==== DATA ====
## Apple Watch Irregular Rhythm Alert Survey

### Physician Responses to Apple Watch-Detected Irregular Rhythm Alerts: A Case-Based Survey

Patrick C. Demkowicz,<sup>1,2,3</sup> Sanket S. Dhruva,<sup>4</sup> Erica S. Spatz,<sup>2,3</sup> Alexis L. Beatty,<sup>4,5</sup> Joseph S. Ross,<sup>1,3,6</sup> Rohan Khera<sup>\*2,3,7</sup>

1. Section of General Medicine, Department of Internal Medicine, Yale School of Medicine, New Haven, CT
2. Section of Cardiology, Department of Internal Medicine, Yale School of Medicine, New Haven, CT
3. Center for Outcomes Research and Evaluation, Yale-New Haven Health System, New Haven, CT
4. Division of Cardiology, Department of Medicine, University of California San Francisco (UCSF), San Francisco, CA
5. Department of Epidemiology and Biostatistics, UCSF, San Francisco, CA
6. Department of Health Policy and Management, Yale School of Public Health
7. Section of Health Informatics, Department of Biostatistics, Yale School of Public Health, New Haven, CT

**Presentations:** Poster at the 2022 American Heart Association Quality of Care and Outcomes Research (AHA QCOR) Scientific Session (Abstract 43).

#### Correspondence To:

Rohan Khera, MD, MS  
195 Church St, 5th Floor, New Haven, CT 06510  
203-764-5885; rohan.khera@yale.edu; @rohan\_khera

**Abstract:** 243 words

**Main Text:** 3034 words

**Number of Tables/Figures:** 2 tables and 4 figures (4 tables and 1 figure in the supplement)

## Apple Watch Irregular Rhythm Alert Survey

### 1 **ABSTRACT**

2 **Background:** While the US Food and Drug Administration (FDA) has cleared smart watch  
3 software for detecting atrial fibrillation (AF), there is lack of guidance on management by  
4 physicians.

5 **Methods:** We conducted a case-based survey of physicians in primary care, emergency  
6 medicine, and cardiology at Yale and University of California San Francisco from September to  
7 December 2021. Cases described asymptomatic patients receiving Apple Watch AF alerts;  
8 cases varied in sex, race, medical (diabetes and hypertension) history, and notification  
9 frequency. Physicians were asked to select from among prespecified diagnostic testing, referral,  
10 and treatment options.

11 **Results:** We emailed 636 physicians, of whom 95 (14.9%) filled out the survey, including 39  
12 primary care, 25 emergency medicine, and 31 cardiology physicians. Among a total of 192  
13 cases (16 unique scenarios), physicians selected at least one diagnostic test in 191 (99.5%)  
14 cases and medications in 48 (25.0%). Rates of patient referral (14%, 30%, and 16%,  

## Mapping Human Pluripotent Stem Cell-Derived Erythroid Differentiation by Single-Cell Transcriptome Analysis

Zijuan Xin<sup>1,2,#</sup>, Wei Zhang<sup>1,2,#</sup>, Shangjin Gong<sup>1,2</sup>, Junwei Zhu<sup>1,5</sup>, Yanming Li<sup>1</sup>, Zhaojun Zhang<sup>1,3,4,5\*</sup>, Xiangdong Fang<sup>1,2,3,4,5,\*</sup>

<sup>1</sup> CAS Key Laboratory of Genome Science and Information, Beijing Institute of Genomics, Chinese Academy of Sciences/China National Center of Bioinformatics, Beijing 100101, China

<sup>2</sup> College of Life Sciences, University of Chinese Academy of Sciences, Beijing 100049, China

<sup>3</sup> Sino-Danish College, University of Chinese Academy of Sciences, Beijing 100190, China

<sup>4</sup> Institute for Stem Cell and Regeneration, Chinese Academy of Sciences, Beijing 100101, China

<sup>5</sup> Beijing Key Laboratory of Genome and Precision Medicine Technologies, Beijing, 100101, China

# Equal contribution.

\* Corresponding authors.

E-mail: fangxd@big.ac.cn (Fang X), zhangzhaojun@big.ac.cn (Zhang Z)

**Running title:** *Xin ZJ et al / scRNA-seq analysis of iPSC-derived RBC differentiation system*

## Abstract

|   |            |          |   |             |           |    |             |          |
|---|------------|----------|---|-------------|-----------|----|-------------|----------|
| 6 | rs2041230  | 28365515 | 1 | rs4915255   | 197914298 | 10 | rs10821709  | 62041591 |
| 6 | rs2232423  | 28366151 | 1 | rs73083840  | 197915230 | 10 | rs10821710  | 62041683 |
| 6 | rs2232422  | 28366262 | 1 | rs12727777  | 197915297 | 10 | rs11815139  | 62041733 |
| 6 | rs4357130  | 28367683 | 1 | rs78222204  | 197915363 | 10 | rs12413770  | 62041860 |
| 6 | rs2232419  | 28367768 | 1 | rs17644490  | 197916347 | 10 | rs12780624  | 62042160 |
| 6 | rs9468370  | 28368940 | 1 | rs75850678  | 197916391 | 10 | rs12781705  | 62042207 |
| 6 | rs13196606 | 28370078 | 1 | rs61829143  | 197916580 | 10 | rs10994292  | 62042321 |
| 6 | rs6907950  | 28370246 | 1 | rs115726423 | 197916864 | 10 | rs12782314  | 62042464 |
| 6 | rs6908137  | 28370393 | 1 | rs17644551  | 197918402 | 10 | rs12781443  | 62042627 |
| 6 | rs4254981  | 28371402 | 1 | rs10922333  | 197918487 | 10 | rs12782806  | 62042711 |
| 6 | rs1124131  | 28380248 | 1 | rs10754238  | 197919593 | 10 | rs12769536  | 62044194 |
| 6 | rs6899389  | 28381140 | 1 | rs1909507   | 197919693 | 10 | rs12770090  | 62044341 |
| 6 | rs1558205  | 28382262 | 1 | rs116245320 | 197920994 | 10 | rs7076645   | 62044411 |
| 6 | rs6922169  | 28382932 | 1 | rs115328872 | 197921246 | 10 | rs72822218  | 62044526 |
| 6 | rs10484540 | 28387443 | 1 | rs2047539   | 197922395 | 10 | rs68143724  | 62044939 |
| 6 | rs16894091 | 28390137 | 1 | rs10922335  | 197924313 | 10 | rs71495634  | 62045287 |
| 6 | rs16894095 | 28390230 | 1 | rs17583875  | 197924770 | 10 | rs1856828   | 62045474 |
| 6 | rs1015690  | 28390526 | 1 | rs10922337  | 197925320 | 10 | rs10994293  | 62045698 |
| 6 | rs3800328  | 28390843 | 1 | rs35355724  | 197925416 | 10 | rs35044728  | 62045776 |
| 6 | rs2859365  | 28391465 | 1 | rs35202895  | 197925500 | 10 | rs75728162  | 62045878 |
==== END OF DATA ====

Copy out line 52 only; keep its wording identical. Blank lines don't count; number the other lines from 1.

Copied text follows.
| 6 | rs2232419  | 28367768 | 1 | rs17644490  | 197916347 | 10 | rs12780624  | 62042160 |